Spring 2014 Vol. 13 Number 2
The Lay of the Land
Satellite Data and Computer Models Provide an Invaluable Understanding of Earth's Surface
For more than 40 years, the series of satellites known as Landsat has provided a continuous record of changes taking place on Earth's surface. As the record lengthens, researchers are able to document effects of climate variability, invasive species, and land use over time. The data and imagery have contributed substantially to the management of key national interests such as agriculture, forestry, hydrology, urbanization, homeland security, disaster mitigation, and climate change.
The future of Landsat data collection is at risk, however, according to a recent National Research Council report. The latest satellite, Landsat 8, was launched in February 2013 with only a five-year design life. Its predecessor, Landsat 7, was launched in 1999 and is operating in a degraded mode. At the time of the report's completion, Landsat 9 was under discussion but its program missions remained unclear, management responsibilities had not been articulated, and no budget had been appropriated for the program.
Through most of its history, Landsat has been fraught with inconsistent management, ad-hoc designs and implementation of the spacecraft, and reliance on sheer luck over careful planning. Typically, the satellites have been justified, planned, and executed individually or at most in pairs.
The report concludes that a continued program will not be viable under the current mission development and management practices. It recommends that the U.S. government establish a sustained and enhanced land imaging program with an overarching national strategy and long-term commitment, including clearly defined program requirements, management responsibilities, and consistent funding.
Modeling Land Change. The record of data from Landsat has provided input into land-change models, a key means for understanding how humans are reshaping the Earth's surface through agriculture, construction, energy production, and other activities, for forecasting future landscape conditions, and for developing policies to manage the use of resources and the environment from the local scale to large expanses of forest around the world.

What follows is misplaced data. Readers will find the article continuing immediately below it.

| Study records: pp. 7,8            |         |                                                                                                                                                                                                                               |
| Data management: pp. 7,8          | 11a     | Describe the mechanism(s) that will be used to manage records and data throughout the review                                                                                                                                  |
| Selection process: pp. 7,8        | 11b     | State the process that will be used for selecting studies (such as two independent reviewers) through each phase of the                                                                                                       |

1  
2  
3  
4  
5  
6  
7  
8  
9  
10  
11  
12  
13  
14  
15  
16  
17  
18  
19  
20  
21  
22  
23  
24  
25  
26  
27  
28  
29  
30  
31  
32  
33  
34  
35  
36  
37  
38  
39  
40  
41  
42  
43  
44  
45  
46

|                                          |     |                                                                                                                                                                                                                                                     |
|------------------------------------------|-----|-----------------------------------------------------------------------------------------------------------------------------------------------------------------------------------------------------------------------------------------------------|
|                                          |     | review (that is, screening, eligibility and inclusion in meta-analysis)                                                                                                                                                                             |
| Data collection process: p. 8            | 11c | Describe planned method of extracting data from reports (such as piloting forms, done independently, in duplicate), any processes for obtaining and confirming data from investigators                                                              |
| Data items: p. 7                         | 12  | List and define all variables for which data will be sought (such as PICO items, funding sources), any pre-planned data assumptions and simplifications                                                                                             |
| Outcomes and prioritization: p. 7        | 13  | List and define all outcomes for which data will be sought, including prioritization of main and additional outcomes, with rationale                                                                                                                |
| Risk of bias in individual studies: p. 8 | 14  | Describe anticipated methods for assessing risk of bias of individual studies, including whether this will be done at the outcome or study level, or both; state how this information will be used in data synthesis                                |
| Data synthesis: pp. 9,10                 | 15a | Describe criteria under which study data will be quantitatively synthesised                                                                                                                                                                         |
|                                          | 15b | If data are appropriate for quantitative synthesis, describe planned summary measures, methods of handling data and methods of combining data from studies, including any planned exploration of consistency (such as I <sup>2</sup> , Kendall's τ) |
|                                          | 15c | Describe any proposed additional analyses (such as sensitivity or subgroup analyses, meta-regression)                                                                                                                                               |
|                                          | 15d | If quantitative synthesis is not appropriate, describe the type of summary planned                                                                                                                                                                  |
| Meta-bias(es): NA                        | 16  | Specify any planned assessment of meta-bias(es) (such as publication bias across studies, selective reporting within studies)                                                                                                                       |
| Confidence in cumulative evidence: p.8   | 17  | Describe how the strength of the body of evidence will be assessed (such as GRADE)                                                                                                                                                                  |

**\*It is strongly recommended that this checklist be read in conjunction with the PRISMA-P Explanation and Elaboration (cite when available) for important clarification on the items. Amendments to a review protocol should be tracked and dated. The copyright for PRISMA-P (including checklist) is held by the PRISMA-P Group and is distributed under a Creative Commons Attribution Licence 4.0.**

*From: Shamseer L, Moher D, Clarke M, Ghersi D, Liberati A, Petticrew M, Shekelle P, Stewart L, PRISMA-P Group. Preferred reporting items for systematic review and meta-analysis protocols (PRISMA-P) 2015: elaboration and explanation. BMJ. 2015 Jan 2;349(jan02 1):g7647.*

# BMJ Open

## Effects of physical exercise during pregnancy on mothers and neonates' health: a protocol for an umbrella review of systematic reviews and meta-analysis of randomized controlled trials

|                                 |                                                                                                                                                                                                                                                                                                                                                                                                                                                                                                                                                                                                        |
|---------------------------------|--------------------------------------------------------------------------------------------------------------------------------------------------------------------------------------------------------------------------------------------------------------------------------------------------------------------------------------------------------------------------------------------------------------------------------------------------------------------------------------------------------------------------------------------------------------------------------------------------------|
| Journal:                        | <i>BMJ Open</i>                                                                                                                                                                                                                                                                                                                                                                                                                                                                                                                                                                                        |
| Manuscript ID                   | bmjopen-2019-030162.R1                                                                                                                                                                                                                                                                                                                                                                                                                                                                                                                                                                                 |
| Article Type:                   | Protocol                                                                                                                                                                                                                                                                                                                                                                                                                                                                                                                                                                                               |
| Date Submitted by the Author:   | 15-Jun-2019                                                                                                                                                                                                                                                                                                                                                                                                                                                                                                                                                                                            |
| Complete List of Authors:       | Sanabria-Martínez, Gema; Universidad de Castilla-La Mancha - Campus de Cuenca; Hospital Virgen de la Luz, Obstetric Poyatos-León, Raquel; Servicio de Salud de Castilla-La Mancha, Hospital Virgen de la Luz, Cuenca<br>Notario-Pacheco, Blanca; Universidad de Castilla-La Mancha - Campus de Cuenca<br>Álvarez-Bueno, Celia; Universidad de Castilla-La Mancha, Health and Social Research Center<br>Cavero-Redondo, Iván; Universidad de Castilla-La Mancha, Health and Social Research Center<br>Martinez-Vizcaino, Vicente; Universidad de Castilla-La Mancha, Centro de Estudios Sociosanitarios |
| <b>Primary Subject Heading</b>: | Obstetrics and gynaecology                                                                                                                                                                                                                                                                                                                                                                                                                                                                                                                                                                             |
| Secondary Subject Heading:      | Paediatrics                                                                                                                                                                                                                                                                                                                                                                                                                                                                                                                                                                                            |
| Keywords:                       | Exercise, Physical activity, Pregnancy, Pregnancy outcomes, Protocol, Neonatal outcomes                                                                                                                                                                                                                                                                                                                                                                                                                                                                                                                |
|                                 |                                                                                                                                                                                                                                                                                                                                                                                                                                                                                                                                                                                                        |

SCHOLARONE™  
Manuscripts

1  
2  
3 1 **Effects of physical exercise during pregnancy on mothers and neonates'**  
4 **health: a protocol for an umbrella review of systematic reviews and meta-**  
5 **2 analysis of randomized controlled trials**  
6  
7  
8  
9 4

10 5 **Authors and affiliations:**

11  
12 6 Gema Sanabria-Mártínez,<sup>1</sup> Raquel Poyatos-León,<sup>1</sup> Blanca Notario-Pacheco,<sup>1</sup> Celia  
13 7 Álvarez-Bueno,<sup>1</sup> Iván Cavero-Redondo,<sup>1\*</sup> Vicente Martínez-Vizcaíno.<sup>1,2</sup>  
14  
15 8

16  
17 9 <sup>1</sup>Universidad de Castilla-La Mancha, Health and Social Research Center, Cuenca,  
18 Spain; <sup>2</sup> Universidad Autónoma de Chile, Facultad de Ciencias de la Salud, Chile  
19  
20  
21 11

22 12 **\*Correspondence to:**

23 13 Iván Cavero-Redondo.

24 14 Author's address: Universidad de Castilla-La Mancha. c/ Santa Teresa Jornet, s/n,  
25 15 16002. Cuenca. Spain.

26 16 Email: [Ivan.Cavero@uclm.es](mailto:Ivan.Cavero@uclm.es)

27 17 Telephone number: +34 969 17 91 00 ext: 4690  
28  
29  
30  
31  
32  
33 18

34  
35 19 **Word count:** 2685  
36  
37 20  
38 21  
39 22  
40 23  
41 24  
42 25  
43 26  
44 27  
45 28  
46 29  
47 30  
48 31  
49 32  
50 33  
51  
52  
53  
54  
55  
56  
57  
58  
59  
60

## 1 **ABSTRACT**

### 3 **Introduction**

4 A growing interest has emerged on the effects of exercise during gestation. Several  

The varieties of land-change models have different strengths, weaknesses, and applications. Some approaches use land-cover information from satellite imagery and past observed relationships to project changes a short period into the future. Others make use of social science information about land-change processes that can be used to evaluate a wider range of alternative futures.
A second Research Council report identifies opportunities to advance modeling approaches that would further our understanding of human interactions with the environment and improve decision making about land-related management and policy. These advancements could be realized in the models themselves, in land observation strategies, in cyber infrastructure, and in developing best practices in model evaluation.
A Path Forward. The Research Council's Landsat report does not recommend who should oversee the satellite program -- currently managed jointly by the U.S. Geological Survey and NASA -- but it does outline key elements of a successful program regardless of where the federal government decides it should reside. The core scientific and operation requirement for a future program is the capture and distribution of global data that is calibrated to allow the comparison of future land images with previous collections, easily accessible by all users, and free.
The report also describes top priorities for a future program that include technical capabilities, data systems, and opportunities for integration between government, private, and foreign-based entities.
-- Lauren Rugani
Advancing Land Change Modeling: Opportunities and Research Requirements. Committee on Needs and Research Requirements for Land Change Modeling, Board on Earth Sciences and Resources, Division on Earth and Life Studies (2014, 152 pp.; ISBN 978-0-309-28833-0). The study was chaired by Daniel G. Brown, professor of natural resources and environment at the University of Michigan. The study was funded by the U.S. Geological Survey and NASA.
Both reports are available from National Academies Press, tel. 1-800-624-6242.